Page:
The I. Cassel Cigar Factory, owned and operated by Isidor Cassel (1872 – 1954), was a tenant in the Phoenix Building (1623-1625 Main Street) for more than 40 years. Cassel immigrated from Ritschenwalde, Germany, to the United States in 1884. He joined the United States Marine Corps when he was 15 and served more than three years. He arrived in Columbia in 1892 to work for Henry Bamberg (1857 – 1919), a highly regarded cigar manufacturer and who served as the first treasurer of the Tree of Life Congregation. In 1896, Cassel married Bamberg’s sister-in-law, Estelle “Essie” Epstin Cassel (1877 – 1948). In 1901, Cassel opened his own cigar manufacturing business in the 1400 block of Main Street.
Join Historic Columbia on March 12th for our Sunday Stroll of downtown Jewish sites to learn more about the Visanskas, “Uncle Ben”, the Cassels and other downtown merchants in Columbia. This guided walking tour will highlight Columbia’s Jewish heritage and explore how Jewish merchants have shaped this downtown district. The tour will begin in front of Michael’s on Main Street, travel down to Lady Street where the tour will cross over to Assembly Street, then end at The Big Apple on Hampton Street.
Also be sure to check out HC’s web-based tour of Jewish historical sites in Columbia.
What is it about chili that causes temperatures to rise and elicits such passionate responses? Why do Americans from generation to generation have such a steadfast belief in what is the right and true way to make a proper chili? People throughout history have made their mark on the culinary evolution of this simple dish – from Lyndon B. Johnson claiming no one outside of Texas can make it, to Stephan Crane and O’Henry writing about it, to famous frontiersman Kit Carson exclaiming with his last breath “Wish I had time for just one more bowl of chili.”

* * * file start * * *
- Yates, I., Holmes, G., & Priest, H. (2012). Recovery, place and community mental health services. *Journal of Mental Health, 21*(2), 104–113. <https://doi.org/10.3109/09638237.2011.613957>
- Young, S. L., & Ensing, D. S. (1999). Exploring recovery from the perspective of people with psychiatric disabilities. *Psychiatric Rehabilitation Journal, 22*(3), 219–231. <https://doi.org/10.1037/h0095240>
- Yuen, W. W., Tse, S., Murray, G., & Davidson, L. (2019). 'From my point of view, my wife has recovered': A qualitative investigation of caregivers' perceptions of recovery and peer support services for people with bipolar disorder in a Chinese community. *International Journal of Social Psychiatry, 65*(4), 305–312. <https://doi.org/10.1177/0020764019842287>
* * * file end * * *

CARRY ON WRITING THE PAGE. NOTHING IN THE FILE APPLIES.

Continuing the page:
Join Historic Columbia’s Palladium Society Saturday February 11th at the Music Farm to continue the tradition of perfecting the ever elusive quintessential chili. While South Carolina might not be seen as the hotbed of chili creations it is known for its ability to think outside the box and come up with some creative concoctions. Local ingredients like the Carolina Reaper (the hottest pepper in the world) and a ‘famously hot’ temperament give Carolina chilis their own unique flair. The competition heats up every year as 20 to 25 local cookers compete for different categories – from best vegetarian to hottest chili there is an array of opportunities to show off that Carolina culinary pride.
While local celebrities will be on hand to judge all categories, the people’s choice award comes down to the voters. When you are done tasting and sampling stay around to listen to the live music provided by both the Kenny George Band and the Nick Clyburn Band. Enjoy the all-you-can-drink beer and wines that will be on tap that evening and learn more about the roll that HC plays in creating a stronger foundation for the City of Columbia and Richland County. And if your taste buds aren’t on fire by the end of all that then dig into a heaping bowl of the TPS famous house ‘Godzilla Chili’.
The Palladium Society is a dynamic organization of young professionals that supports the mission of Historic Columbia through educational, social and fundraising initiatives. Now in its 19th year, the Palladium Society’s Chili Cookoff has become one of Columbia’s most popular events, and by attending, not only do you get to enjoy delicious chili but you are also supporting the projects and programs of Historic Columbia, including the rehabilitation and reinterpretation of the Hampton-Preston Mansion. To find out more and to get your tickets online, please CLICK HERE.
On September 25, Historic Columbia is pleased to host a members’ only reception for Dick Lehr at the Woodrow Wilson Family Home. Lehr’s book, The Birth of a Nation: How a Legendary Filmmaker and Crusading Editor Reignited America’s Civil War, is an outstanding counter-history of the reaction and impact of one of early cinema’s most famous films.